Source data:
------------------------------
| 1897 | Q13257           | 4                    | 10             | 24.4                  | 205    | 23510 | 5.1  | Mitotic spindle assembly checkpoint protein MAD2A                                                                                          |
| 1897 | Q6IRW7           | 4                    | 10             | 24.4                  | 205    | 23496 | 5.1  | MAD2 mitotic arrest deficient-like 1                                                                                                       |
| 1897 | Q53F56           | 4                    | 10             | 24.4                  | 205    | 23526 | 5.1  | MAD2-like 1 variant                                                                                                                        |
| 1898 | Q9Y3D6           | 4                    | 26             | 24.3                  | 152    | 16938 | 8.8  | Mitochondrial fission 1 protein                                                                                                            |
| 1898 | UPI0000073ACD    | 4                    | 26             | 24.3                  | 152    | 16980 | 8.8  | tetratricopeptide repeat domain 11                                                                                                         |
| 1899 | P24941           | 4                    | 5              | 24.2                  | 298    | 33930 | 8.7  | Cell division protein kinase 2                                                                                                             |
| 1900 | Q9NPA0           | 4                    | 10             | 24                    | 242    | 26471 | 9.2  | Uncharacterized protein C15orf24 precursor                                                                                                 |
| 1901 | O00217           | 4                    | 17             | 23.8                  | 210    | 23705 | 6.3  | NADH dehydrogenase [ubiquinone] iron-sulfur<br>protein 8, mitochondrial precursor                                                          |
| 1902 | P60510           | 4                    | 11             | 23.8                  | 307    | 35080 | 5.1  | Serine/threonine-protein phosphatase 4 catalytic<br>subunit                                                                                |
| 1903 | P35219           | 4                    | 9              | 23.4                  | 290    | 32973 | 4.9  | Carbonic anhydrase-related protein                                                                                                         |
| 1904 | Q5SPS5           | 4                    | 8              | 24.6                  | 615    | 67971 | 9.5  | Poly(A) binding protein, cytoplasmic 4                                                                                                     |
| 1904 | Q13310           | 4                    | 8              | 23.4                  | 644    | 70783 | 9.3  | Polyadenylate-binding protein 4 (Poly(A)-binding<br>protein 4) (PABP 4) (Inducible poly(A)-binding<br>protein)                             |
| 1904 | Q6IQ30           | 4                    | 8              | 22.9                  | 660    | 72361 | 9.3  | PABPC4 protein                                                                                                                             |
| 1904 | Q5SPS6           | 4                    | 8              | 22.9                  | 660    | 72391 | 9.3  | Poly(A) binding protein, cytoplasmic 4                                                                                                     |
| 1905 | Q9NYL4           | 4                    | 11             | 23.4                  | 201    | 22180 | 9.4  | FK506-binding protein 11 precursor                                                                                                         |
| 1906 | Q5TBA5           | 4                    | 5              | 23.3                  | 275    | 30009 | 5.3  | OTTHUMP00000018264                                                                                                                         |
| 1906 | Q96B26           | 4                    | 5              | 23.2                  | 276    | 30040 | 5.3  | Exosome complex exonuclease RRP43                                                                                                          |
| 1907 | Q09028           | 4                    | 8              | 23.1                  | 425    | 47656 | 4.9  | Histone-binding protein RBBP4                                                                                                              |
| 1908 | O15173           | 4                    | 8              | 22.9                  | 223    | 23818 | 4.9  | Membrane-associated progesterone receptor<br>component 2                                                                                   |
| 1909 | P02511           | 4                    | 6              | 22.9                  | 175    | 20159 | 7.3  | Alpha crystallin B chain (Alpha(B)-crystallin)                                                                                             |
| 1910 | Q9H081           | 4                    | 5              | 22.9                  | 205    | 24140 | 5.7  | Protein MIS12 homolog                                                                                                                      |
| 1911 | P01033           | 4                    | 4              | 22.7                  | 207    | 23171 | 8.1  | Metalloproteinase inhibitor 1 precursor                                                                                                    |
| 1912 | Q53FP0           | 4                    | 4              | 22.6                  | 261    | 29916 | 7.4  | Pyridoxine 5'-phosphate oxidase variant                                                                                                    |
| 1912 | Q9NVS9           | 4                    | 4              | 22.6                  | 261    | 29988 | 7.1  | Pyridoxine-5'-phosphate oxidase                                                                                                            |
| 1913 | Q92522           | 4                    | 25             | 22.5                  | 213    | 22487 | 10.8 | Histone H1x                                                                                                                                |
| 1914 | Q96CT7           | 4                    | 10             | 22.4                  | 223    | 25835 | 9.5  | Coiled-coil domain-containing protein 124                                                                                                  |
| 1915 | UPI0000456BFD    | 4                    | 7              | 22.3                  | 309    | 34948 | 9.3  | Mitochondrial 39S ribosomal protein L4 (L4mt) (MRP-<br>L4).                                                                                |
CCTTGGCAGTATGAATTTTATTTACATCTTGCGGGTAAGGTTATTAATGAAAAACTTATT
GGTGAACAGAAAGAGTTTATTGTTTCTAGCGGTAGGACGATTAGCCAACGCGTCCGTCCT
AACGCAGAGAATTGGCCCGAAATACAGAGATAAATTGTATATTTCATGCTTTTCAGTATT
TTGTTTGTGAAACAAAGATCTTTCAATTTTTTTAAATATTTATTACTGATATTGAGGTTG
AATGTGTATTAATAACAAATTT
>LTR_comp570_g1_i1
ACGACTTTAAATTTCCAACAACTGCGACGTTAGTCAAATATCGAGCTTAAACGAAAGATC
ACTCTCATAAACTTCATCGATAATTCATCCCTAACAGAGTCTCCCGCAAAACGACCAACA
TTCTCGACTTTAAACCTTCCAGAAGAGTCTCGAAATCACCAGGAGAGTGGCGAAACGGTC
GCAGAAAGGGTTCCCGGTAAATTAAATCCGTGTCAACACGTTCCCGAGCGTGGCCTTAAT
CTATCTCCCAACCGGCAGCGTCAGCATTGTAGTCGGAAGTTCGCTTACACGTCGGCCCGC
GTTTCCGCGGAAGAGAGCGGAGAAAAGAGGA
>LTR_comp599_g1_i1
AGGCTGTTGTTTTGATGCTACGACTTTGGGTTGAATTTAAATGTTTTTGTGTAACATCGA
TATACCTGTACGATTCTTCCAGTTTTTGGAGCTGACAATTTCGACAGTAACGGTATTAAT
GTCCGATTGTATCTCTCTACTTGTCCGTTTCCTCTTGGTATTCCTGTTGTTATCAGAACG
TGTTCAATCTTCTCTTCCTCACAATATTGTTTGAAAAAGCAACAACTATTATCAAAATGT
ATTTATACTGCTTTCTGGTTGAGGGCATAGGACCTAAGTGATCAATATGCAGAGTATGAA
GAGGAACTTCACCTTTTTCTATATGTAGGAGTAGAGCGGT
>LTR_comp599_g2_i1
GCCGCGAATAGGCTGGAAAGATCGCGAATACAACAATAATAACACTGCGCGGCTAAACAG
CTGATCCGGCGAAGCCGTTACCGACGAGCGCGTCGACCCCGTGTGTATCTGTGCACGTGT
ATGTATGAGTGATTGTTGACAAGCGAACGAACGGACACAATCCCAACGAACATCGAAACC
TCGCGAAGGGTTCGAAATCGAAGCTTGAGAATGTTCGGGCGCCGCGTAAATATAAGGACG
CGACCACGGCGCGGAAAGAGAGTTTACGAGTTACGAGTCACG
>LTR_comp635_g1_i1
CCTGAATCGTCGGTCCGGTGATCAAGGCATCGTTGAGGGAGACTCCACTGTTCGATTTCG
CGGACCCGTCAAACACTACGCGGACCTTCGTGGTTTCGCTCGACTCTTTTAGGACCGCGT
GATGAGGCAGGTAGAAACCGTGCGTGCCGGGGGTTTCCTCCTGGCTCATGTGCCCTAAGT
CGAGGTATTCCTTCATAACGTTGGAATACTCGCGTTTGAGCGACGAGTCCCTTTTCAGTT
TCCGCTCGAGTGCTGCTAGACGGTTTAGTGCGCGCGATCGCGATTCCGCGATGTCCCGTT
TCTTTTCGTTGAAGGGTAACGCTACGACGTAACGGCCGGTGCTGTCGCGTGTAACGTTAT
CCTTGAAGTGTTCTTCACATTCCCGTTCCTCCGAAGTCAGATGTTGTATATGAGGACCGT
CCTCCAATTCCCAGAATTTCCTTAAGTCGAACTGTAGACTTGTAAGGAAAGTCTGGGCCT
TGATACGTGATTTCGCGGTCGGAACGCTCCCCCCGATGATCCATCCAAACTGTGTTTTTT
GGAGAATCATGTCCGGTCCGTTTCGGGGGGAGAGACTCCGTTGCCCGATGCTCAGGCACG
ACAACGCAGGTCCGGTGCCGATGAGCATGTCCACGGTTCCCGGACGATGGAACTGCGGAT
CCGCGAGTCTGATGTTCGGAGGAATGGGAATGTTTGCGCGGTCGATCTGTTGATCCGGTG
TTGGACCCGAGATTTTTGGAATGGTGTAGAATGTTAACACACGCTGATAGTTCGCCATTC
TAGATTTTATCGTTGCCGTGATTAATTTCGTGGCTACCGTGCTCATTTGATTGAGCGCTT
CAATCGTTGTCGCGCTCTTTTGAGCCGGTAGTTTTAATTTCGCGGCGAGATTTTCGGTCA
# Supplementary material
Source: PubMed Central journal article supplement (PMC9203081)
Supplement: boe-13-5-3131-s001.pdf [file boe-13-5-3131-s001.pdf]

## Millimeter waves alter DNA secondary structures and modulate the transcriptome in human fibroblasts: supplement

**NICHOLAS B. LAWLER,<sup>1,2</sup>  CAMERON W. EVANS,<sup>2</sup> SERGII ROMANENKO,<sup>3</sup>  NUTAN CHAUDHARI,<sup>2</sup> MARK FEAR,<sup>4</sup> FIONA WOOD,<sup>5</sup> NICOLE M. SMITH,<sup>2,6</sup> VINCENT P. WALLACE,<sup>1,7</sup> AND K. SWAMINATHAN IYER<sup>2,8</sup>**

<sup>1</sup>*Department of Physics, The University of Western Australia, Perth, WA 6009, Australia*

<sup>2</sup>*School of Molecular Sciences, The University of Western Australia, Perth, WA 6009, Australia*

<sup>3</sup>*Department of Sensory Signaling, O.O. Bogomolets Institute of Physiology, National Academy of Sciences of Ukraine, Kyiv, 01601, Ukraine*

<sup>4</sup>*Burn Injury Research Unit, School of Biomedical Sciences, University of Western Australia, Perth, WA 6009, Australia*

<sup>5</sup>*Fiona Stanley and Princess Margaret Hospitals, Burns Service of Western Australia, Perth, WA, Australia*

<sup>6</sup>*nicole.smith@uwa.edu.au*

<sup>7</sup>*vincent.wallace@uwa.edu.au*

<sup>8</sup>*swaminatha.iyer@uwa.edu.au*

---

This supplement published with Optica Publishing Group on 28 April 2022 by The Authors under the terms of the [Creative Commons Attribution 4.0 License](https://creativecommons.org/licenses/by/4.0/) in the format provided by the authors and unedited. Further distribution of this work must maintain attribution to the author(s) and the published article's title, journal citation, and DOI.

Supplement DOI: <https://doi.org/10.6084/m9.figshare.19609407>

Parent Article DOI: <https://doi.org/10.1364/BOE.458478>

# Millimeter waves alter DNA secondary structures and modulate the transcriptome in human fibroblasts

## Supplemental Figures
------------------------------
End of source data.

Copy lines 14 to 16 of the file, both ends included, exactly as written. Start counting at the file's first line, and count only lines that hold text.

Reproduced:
| 1904 | Q5SPS6           | 4                    | 8              | 22.9                  | 660    | 72391 | 9.3  | Poly(A) binding protein, cytoplasmic 4                                                                                                     |
| 1905 | Q9NYL4           | 4                    | 11             | 23.4                  | 201    | 22180 | 9.4  | FK506-binding protein 11 precursor                                                                                                         |
| 1906 | Q5TBA5           | 4                    | 5              | 23.3                  | 275    | 30009 | 5.3  | OTTHUMP00000018264                                                                                                                         |